Oklahoma Supreme Court Strikes Down “No Pay, No Play” Law, Montgomery v. Potter, 341 P.3d 660 (Okla. 2014)
Section 7–116, known as the No Pay, No Play law, prohibits uninsured drivers from the recovery of damages for pain and suffering in automobile accident cases.
Plaintiffs asserted § 7–116 violated the special law proscription of art. 5, § 46 of the Oklahoma Constitution which provides that the Legislature may not create a local or special law involving specific activities enumerated therein. Among the prohibited activities, the constitutional provision forbids a special law “[r]egulating the practice or jurisdiction of, or changing the rules of evidence in judicial proceedings or inquiry before the courts.” Okla. Const. art. 5, § 46.
Plaintiffs contended the statute was an impermissible special law which affected only victims of auto accidents who are uninsured, carving out this special class from the more general class of all victims of auto accidents. The defendant insisted that the statute applied to all uninsured drivers equally and was general in its application. The Oklahoma Supreme Court disagreed with the defendant’s characterization of the class and found § 7–116 to be an unconstitutional, special law.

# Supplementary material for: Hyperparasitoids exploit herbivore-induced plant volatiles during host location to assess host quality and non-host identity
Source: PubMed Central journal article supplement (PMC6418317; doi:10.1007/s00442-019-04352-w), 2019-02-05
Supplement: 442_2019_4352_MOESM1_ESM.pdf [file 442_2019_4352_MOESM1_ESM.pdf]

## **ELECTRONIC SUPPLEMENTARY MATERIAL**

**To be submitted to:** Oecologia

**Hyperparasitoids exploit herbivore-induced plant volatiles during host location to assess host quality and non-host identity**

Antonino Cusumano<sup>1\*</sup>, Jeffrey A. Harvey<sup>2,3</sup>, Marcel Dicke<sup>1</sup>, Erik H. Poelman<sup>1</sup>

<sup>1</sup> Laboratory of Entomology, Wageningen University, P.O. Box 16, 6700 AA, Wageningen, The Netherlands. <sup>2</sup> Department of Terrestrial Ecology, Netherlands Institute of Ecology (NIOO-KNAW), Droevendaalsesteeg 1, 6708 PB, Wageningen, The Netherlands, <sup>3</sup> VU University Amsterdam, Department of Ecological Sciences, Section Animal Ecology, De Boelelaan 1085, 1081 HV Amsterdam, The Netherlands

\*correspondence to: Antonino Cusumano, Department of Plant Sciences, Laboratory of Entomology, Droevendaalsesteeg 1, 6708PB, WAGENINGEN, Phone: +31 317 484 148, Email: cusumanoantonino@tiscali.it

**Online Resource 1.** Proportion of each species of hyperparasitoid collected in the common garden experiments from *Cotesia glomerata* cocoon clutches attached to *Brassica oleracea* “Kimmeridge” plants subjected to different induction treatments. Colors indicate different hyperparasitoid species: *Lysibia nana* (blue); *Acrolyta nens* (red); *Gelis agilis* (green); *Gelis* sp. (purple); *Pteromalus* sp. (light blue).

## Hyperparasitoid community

The Court held it was clear that § 7–116 “sets aside a subset of negligence plaintiffs for different” treatment based on the status of a plaintiff’s automobile insurance coverage. Zeier v. Zimmer, 2006 OK 98, 152 P.3d at 868. Section 7–116 created an impermissible special class by restricting damages in civil negligence actions for victims who also happen to be uninsured drivers while the general class of automobile accident victims was not prevented from the recovery of damages for pain and suffering. Because 47 O.S.2011, § 7–116 impacted less than an entire class of similarly situated claimants it was under-inclusive and, therefore, the Court found it to be an unconstitutional special law prohibited by art. 5, § 46 of the Oklahoma Constitution.